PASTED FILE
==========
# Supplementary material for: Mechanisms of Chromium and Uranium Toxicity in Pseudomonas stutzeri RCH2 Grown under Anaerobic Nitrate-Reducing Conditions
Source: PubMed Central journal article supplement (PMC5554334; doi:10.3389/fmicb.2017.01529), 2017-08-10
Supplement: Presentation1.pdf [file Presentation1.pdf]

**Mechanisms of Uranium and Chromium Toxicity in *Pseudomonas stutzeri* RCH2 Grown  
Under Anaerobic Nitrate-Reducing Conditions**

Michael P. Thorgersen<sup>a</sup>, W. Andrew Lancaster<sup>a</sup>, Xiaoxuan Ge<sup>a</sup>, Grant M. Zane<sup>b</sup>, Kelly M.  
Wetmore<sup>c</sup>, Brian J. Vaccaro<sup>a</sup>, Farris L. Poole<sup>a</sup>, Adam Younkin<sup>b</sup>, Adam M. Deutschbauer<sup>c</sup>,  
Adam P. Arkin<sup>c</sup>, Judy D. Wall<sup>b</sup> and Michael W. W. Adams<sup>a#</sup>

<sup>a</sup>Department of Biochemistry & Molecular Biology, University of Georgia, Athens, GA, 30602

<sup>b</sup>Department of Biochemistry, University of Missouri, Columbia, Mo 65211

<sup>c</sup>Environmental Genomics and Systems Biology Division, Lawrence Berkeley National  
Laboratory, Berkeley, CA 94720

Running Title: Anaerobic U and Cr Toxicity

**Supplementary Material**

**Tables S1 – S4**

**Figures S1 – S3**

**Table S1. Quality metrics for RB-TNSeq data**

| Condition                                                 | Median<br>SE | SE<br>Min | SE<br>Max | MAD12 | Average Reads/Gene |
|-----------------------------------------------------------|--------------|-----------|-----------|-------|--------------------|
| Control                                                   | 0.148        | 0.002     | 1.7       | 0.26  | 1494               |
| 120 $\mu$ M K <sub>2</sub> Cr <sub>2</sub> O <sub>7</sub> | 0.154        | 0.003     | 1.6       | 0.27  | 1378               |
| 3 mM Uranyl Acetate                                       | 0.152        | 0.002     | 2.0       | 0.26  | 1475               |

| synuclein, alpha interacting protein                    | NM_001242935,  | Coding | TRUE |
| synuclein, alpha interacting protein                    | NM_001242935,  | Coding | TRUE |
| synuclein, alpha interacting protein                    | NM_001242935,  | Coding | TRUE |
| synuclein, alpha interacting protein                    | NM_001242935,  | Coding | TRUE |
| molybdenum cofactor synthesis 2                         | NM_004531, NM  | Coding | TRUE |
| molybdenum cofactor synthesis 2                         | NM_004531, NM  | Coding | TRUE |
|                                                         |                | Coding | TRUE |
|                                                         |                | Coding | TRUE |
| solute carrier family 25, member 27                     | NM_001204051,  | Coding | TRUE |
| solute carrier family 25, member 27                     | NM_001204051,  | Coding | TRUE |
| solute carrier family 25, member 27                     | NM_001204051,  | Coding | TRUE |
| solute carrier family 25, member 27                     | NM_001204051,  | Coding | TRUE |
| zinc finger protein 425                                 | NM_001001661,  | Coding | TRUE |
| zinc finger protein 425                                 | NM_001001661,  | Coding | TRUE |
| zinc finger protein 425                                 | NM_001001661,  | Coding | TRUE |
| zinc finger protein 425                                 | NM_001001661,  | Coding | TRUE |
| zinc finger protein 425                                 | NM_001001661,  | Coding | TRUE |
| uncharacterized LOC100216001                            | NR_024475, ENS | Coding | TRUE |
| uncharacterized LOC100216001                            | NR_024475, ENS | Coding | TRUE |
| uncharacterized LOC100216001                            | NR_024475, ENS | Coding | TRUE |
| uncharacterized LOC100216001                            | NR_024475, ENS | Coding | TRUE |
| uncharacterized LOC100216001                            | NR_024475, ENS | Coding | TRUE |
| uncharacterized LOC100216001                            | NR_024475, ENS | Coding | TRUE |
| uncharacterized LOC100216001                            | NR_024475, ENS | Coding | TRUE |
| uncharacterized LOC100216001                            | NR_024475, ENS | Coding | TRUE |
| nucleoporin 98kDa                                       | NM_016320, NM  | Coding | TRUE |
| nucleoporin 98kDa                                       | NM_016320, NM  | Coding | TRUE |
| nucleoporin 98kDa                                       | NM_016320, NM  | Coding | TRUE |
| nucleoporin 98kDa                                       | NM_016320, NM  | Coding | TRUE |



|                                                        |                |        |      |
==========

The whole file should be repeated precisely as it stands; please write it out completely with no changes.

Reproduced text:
# Supplementary material for: Mechanisms of Chromium and Uranium Toxicity in Pseudomonas stutzeri RCH2 Grown under Anaerobic Nitrate-Reducing Conditions
Source: PubMed Central journal article supplement (PMC5554334; doi:10.3389/fmicb.2017.01529), 2017-08-10
Supplement: Presentation1.pdf [file Presentation1.pdf]

**Mechanisms of Uranium and Chromium Toxicity in *Pseudomonas stutzeri* RCH2 Grown  
Under Anaerobic Nitrate-Reducing Conditions**

Michael P. Thorgersen<sup>a</sup>, W. Andrew Lancaster<sup>a</sup>, Xiaoxuan Ge<sup>a</sup>, Grant M. Zane<sup>b</sup>, Kelly M.  
Wetmore<sup>c</sup>, Brian J. Vaccaro<sup>a</sup>, Farris L. Poole<sup>a</sup>, Adam Younkin<sup>b</sup>, Adam M. Deutschbauer<sup>c</sup>,  
Adam P. Arkin<sup>c</sup>, Judy D. Wall<sup>b</sup> and Michael W. W. Adams<sup>a#</sup>

<sup>a</sup>Department of Biochemistry & Molecular Biology, University of Georgia, Athens, GA, 30602

<sup>b</sup>Department of Biochemistry, University of Missouri, Columbia, Mo 65211

<sup>c</sup>Environmental Genomics and Systems Biology Division, Lawrence Berkeley National  
Laboratory, Berkeley, CA 94720

Running Title: Anaerobic U and Cr Toxicity

**Supplementary Material**

**Tables S1 – S4**

**Figures S1 – S3**

**Table S1. Quality metrics for RB-TNSeq data**

| Condition                                                 | Median<br>SE | SE<br>Min | SE<br>Max | MAD12 | Average Reads/Gene |
|-----------------------------------------------------------|--------------|-----------|-----------|-------|--------------------|
| Control                                                   | 0.148        | 0.002     | 1.7       | 0.26  | 1494               |
| 120 $\mu$ M K <sub>2</sub> Cr <sub>2</sub> O <sub>7</sub> | 0.154        | 0.003     | 1.6       | 0.27  | 1378               |
| 3 mM Uranyl Acetate                                       | 0.152        | 0.002     | 2.0       | 0.26  | 1475               |

| synuclein, alpha interacting protein                    | NM_001242935,  | Coding | TRUE |
| synuclein, alpha interacting protein                    | NM_001242935,  | Coding | TRUE |
| synuclein, alpha interacting protein                    | NM_001242935,  | Coding | TRUE |
| synuclein, alpha interacting protein                    | NM_001242935,  | Coding | TRUE |
| molybdenum cofactor synthesis 2                         | NM_004531, NM  | Coding | TRUE |
| molybdenum cofactor synthesis 2                         | NM_004531, NM  | Coding | TRUE |
|                                                         |                | Coding | TRUE |
|                                                         |                | Coding | TRUE |
| solute carrier family 25, member 27                     | NM_001204051,  | Coding | TRUE |
| solute carrier family 25, member 27                     | NM_001204051,  | Coding | TRUE |
| solute carrier family 25, member 27                     | NM_001204051,  | Coding | TRUE |
| solute carrier family 25, member 27                     | NM_001204051,  | Coding | TRUE |
| zinc finger protein 425                                 | NM_001001661,  | Coding | TRUE |
| zinc finger protein 425                                 | NM_001001661,  | Coding | TRUE |
| zinc finger protein 425                                 | NM_001001661,  | Coding | TRUE |
| zinc finger protein 425                                 | NM_001001661,  | Coding | TRUE |
| zinc finger protein 425                                 | NM_001001661,  | Coding | TRUE |
| uncharacterized LOC100216001                            | NR_024475, ENS | Coding | TRUE |
| uncharacterized LOC100216001                            | NR_024475, ENS | Coding | TRUE |
| uncharacterized LOC100216001                            | NR_024475, ENS | Coding | TRUE |
| uncharacterized LOC100216001                            | NR_024475, ENS | Coding | TRUE |
| uncharacterized LOC100216001                            | NR_024475, ENS | Coding | TRUE |
| uncharacterized LOC100216001                            | NR_024475, ENS | Coding | TRUE |
| uncharacterized LOC100216001                            | NR_024475, ENS | Coding | TRUE |
| uncharacterized LOC100216001                            | NR_024475, ENS | Coding | TRUE |
| nucleoporin 98kDa                                       | NM_016320, NM  | Coding | TRUE |
| nucleoporin 98kDa                                       | NM_016320, NM  | Coding | TRUE |
| nucleoporin 98kDa                                       | NM_016320, NM  | Coding | TRUE |
| nucleoporin 98kDa                                       | NM_016320, NM  | Coding | TRUE |



|                                                        |                |        |      |